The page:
I am not going to review all the ideas about the history of the hamburger. I will not wonder whether the rampaging Tartars eating their ground horsemeat created the hamburger’s precursor. I won’t speculate on whether European immigrants whose point of demarcation was Hamburg salted their animal flesh to keep it fresh and arrived at the United States having innovated the “hamburger.” Or was it the sailors from Hamburg? Did Delmonico’s serve a Hamburg steak in 1834? Much ink is spilled on these issues and many others, drawing on legends, vague historical facts, fakelore masquerading as folklore, secondary but not primary sources, word of mouth, and assertions by various cities and counties of their role in the history of the hamburger. Here a Hamburg steak (or Salisbury steak) evolves into hamburger, there an immigrant or sailor brings the hamburger along with their baggage, and dotted throughout the United States, we can find the very birthplace of the hamburger itself.

Forget about the Tartars and Hamburg steak and Salisbury steak and sausage and meat loaf and meatball and the ancient Chinese text with a recipe for a hamburger-like food; the hamburger’s origin story must plainly be from here, not over there, before we export it over there.

The Americanness of the hamburger—Bobby  Flay’s “perfect sandwich,” no “the perfect meal”—arises from the Western expansion of the United States in the nineteenth century. This is when economic, geographic, and industrial factors combined to favor cow flesh over pig flesh, and to deliver this cow flesh to growing markets. Eating its sizzling, fatty bulk between buns fulfills the iconic role of the U.S. consumer. As countless historians have shown, consumption itself is an aspect of the narrative of twentieth-century United States.

Being the citizen’s food, the hamburger is celebrated by the citizen—in the form of food critics and culinary historians—with a “gee-whiz” tone. They find in its story a story of progress itself. Hamburger-eating historians of the burger see inevitability in the statistics that show the global reach of the hamburger. They gobble down its status, forwarding their own favorites, and so offering one further salute to the triumphalist rhetoric of the hamburger through personal testimony. They join the stories told by those who prevailed: Ray Kroc (McDonald’s) in his 1977 autobiography, Billy Ingram (White Castle) in a talk in 1964, Jim McLamore (Burger King) in a posthumously published autobiography. With red-blooded tropes, the arc is upward, a teleological logic to the prevailing of the hamburger. Telling the history chronologically becomes a form of obeisance to the success of mass production. For them, the hamburger’s history is juicy, not problematic.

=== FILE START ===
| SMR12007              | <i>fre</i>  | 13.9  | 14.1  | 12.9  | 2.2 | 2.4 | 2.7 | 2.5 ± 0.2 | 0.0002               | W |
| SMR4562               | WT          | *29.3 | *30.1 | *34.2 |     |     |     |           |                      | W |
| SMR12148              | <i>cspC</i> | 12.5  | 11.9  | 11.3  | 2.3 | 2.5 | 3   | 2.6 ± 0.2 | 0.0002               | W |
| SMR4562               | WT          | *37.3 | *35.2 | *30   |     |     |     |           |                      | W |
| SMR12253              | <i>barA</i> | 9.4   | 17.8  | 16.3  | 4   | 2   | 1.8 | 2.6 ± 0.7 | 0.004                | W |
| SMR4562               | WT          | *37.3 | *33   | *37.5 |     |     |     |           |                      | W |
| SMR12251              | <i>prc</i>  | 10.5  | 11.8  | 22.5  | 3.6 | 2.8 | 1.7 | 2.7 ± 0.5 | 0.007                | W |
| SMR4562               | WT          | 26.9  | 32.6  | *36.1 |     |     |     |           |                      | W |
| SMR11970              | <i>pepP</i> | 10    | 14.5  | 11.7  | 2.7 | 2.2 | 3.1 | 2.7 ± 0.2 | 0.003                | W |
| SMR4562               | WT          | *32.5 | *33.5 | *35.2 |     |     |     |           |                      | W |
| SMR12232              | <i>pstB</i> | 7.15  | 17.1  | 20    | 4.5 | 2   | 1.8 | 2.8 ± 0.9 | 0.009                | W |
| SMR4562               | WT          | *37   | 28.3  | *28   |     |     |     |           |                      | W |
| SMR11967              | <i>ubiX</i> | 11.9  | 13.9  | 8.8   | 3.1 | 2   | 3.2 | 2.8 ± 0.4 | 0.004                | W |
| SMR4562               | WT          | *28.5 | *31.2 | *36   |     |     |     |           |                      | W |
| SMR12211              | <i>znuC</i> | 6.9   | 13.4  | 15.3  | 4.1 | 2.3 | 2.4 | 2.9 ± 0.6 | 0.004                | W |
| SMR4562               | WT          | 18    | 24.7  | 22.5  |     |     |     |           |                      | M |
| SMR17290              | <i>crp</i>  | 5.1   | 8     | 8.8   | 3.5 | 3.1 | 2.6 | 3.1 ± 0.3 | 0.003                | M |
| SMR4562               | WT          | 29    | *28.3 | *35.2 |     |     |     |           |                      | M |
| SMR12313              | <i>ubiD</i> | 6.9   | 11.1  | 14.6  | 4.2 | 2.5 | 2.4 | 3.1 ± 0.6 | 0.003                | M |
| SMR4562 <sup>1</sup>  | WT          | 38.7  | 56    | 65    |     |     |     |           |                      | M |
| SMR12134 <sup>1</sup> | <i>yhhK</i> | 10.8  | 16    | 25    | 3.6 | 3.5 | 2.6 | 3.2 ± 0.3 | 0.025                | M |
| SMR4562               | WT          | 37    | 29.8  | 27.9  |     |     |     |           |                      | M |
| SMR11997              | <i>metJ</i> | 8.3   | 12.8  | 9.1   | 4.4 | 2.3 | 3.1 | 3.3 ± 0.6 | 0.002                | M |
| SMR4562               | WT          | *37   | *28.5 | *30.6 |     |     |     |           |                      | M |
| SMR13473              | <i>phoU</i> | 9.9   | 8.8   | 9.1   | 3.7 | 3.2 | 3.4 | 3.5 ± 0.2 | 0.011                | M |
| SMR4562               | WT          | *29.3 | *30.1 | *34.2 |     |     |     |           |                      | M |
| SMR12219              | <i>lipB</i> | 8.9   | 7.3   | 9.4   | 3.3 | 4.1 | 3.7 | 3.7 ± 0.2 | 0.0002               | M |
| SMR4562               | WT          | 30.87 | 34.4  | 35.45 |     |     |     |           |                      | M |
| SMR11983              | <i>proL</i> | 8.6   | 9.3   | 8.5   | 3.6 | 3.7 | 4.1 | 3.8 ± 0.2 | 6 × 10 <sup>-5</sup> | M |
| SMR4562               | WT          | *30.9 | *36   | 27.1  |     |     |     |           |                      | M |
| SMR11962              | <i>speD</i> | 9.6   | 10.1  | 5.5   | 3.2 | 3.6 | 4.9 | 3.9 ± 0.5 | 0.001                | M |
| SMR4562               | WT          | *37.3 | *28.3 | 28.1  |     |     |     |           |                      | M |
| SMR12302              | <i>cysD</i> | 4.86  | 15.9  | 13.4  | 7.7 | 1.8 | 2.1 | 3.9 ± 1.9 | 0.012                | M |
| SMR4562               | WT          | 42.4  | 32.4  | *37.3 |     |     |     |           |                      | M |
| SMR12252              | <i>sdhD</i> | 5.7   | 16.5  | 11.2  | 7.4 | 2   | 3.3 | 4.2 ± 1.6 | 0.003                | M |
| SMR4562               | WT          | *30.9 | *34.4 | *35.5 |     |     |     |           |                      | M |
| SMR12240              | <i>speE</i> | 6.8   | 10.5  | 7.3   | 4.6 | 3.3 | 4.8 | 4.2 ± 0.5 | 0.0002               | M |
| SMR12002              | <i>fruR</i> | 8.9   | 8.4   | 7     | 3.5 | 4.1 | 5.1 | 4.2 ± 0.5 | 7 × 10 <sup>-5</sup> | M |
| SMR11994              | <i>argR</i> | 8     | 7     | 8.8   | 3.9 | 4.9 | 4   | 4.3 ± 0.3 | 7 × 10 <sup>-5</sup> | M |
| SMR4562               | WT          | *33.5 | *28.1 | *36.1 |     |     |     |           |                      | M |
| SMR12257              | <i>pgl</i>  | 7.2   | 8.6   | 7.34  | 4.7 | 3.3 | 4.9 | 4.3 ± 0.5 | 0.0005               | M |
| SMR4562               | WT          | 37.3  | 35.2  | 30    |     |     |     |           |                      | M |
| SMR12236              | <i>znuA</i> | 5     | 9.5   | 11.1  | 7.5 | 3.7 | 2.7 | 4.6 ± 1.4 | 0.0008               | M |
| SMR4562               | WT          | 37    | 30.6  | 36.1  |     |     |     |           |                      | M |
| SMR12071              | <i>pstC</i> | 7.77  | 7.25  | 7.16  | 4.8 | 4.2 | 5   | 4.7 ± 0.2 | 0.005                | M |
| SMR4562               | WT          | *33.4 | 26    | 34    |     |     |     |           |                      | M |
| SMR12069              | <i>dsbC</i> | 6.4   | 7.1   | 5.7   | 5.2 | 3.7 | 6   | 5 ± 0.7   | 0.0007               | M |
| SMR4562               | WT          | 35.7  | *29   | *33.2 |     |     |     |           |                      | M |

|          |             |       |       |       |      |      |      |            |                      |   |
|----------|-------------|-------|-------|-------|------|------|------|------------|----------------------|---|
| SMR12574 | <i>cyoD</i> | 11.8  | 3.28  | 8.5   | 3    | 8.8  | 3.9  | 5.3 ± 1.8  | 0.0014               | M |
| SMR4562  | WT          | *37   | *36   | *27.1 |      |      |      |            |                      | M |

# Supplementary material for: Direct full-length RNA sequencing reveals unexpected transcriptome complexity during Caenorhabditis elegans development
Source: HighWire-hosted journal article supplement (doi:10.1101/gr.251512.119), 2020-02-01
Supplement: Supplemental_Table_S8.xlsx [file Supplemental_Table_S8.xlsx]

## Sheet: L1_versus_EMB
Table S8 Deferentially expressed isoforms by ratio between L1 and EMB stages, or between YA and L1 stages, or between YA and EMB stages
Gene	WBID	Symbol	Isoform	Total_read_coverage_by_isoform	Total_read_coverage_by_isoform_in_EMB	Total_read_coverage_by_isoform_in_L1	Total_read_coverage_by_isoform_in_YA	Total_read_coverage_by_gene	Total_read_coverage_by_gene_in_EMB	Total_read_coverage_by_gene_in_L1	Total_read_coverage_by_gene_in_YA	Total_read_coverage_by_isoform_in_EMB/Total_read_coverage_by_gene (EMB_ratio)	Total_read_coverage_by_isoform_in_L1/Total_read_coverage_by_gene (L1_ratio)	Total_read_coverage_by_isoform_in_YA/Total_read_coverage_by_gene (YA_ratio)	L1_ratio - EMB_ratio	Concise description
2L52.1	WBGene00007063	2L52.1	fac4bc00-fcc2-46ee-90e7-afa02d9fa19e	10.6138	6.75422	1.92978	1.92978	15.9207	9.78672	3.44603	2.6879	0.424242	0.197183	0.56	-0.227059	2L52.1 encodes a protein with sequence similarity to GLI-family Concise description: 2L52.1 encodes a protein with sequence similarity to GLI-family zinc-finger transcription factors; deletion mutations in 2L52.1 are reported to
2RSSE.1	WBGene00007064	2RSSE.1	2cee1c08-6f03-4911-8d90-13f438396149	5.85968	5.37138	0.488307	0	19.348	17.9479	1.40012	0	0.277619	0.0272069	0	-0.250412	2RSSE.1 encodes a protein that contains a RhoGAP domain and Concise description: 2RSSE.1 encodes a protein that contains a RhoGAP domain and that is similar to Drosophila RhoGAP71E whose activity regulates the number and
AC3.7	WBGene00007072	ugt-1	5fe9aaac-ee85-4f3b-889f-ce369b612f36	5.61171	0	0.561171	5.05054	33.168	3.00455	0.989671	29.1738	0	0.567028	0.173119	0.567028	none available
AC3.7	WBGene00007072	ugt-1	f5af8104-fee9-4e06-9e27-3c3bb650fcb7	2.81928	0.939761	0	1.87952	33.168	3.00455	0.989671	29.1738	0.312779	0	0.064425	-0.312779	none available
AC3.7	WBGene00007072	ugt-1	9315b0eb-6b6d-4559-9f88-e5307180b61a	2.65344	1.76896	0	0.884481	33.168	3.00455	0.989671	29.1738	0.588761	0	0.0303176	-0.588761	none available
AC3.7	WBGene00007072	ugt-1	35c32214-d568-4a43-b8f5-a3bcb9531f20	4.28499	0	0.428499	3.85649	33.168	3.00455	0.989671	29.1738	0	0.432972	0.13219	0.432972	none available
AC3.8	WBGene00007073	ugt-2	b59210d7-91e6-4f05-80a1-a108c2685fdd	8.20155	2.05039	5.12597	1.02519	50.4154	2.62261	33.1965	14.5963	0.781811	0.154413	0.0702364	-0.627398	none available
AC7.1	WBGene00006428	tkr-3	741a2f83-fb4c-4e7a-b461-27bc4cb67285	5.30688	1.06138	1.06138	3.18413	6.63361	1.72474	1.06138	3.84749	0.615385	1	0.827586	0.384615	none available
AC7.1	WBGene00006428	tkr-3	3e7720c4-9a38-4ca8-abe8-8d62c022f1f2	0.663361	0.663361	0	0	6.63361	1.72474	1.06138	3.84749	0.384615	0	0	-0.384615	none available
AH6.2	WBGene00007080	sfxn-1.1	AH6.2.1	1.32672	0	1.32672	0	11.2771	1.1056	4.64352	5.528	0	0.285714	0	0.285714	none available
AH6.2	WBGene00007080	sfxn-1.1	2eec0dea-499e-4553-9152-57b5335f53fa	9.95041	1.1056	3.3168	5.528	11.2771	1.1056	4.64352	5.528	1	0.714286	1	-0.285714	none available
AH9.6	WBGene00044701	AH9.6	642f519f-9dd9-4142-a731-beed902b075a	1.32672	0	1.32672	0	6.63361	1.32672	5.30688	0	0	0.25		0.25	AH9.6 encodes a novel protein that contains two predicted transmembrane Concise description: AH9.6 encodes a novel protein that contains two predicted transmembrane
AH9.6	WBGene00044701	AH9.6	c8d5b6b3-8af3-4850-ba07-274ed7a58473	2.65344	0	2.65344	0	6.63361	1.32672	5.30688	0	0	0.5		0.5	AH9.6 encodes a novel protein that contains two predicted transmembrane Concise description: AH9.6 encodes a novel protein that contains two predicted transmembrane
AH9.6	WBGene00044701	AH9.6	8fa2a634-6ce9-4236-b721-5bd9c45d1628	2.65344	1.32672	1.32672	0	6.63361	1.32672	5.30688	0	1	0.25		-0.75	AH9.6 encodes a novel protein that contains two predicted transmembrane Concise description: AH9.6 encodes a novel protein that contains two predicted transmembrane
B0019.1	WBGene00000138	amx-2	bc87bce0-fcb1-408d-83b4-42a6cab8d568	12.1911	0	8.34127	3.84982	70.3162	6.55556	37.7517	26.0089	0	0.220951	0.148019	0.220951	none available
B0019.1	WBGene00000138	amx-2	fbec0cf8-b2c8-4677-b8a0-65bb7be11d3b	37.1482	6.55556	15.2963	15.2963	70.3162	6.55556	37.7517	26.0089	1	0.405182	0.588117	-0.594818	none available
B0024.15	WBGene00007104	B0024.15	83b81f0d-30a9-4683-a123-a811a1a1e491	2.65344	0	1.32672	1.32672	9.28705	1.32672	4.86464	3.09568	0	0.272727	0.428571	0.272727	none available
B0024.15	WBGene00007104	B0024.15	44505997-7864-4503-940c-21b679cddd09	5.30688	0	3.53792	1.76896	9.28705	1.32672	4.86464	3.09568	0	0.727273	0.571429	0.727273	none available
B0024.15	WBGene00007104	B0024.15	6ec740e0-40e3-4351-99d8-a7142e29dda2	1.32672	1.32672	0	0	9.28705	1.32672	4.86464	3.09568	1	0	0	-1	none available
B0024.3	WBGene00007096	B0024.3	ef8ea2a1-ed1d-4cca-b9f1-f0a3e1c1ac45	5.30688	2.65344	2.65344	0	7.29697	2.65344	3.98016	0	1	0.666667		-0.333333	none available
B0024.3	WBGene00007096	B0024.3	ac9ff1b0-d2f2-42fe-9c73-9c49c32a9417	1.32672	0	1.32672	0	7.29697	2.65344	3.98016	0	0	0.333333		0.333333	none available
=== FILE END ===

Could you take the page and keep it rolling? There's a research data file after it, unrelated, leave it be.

The narrative that grants inevitability to the success of the hamburger is confirmed by the hamburger consumers themselves in their purchases. But let’s pause and recognize that, as the Diner’s Dictionary succinctly states, “the  concept  of  a  small  cake  of  minced beef, grilled or fried, is an ancient one,” and the designation “hamburger” is a new name for an old food. Before there were hamburgers, there were individual-portion-sized cutlets. The Oxford Companion to Food identifies the chop—“slices of meat in the size of individual portions”—as a forerunner of hamburger. Like beta versus VHS (predigital technology, if you are wondering), there were different hamburgers, for instance White Castle’s square versus the traditional circle. But these iterations involved the reshaping of animal flesh to a more universal and consistent size with interchangeable parts. It is as American, and industrialized, as Henry Ford’s assembly-line production model.

With our palates influenced by nostalgia, we experiment with our burgers, but often within limit. There remains something that cannot be a burger, depending on who is deciding: hamburger from cows or not, from animal flesh or not, with condiments or not, bun or not.

Toward the end of a very long evening in which Harold and Kumar overcome a variety of obstacles in their pursuit of a White Castle hamburger, Kumar makes a speech about the meaning of immigration to the United States. In his telling, hamburgers form the heart of being a citizen of the United States.

So you think this is just about the burgers, huh? Let me tell you, it’s about far more than that. Our parents came to this country, escaping persecution, poverty, and hunger. Hunger, Harold. They were very, very hungry. They wanted to live in a land that treated them as equals, a land filled with hamburger stands. And not just one type of hamburger, okay? Hundreds of types with different sizes, toppings, and condiments. That land was America. America, Harold! America! Now, this is about achieving what our parents set out for. This is about the pursuit of happiness. This night … is about the American dream.